International Development Committee publishes report on EU development assistance
- Published on Friday, 27 April 2012 09:20
- Written by Scott Buckler
Too much EU development aid is going to middle income countries, like Turkey and Serbia, and not enough is reaching the world's poorest people and poorest countries, according to a report by MPs on the International Development Committee
Chair of the Committee, the Rt. Hon Malcolm Bruce MP, said:
"British taxpayer's want the aid they give to go to the places where it can make the most difference - to countries where millions of people are getting by on less than a pound a day. Giving aid to relatively rich countries like Turkey could devalue the concept of aid."
The UK spends approximately £1.23 billion each year on aid through the European Union, approximately 16% of the UK's total aid budget. Only 46% of this aid, however, goes to low income countries - a figure that MPs say is 'unacceptable'. Instead middle income countries bordering Europe are benefiting. Turkey has consistently been in the top five recipients of European Commission aid (€223 million in 2010) as has Serbia (€218 million in 2010).
The Committee is calling on the UK Government to press for funding to be diverted, away from higher middle income countries bordering Europe, to give greater help to the poorest people in the world. In order to make this happen, the MPs say Ministers must challenge and change the definition of Official Development Assistance (ODA).
"Minister's must be bolder in challenging the definition of what qualifies as Official Development Assistance.It appears to be being used as a way of fudging the figures to help other European countries meet the target for 0.7% of GDP to be given as aid."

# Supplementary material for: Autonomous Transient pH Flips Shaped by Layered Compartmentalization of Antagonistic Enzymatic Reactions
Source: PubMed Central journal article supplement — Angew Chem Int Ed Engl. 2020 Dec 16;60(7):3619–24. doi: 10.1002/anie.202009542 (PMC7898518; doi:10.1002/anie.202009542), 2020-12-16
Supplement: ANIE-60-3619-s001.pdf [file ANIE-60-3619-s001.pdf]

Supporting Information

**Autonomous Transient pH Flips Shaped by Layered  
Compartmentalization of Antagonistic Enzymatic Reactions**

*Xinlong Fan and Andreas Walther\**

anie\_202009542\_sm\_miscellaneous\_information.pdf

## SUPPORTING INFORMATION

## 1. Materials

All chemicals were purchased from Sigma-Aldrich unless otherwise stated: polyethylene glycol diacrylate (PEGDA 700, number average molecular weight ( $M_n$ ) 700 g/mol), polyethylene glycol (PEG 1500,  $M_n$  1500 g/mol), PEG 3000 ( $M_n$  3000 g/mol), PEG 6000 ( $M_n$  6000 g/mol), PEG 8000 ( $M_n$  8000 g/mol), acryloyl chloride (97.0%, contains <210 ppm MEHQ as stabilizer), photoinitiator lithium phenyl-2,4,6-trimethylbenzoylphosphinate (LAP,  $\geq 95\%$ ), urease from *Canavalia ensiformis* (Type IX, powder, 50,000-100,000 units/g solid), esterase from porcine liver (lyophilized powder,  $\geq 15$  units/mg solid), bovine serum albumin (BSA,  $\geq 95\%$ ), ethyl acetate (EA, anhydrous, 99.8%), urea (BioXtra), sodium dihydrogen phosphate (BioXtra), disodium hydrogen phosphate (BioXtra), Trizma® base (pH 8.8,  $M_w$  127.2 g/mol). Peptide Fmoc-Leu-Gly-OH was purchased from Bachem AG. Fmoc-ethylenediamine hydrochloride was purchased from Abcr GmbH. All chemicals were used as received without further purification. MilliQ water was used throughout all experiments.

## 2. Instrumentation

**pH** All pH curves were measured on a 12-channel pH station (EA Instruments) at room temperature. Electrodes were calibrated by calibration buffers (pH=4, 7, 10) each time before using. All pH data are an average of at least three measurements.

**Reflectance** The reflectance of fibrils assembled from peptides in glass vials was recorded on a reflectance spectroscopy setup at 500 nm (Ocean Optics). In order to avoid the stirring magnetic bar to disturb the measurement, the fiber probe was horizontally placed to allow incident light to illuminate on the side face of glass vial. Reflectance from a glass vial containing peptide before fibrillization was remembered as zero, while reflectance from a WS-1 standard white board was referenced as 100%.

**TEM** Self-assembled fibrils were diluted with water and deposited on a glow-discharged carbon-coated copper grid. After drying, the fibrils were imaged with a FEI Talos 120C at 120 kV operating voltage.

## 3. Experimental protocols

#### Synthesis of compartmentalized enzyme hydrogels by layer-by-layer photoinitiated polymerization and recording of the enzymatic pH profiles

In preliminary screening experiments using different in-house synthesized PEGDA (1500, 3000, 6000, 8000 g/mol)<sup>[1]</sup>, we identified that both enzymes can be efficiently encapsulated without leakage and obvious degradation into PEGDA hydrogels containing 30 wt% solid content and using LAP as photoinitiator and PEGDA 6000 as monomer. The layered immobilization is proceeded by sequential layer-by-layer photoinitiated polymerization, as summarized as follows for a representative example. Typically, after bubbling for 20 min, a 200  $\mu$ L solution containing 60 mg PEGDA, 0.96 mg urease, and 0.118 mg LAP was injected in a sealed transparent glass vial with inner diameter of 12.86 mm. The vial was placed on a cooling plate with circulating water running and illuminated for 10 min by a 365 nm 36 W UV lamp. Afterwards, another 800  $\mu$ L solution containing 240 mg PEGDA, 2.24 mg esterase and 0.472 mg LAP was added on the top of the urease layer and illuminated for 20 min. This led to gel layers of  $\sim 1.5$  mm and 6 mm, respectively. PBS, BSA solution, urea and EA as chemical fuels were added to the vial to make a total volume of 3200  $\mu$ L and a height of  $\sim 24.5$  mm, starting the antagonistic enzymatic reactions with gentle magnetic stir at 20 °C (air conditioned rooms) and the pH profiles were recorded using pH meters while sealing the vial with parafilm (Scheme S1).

The Committee recognises that there are a number of advantages to giving aid through the EU:
it acts as a channel for Member States which have not previously provided development aid
some Member States would spend even less on aid were it not for the European Commission;
it is able to operate large-scale regional programmes and fund large infrastructure projects
it has a presence in countries where the UK does not have a bilateral programme, enabling the UK to play a part, for example to development in Niger and Haiti
Despite these benefits the report identifies a number of problems with the way EU Development Assistance works. The European Commission's administrative costs are twice those of the UK Department for International Development (DFID) , although not higher than other multilateral aid bodies, such as the World Bank. The report also raises concerns about the EU's policy capacity on development, its staffing arrangements on the ground and the slow and bureaucratic procurement procedures.
Overall, the European Commission has improved its performance over the last decade and has recently proposed further improvements to development policy in An Agenda for Change. The proposals include increased emphasis on governance conditionality, especially for budget support; a greater focus on results; and increasing the role of the private sector in development. The Committee supports a number of these proposed changes, but it does have concerns that conditionality should not hurt the poor for the sins of their governments.
The MPs are urging DFID to press the Commission to reform its procurement procedures, focus more on value-for-money results, and to learn from successes and failures by commissioning independent evaluations of its programmes.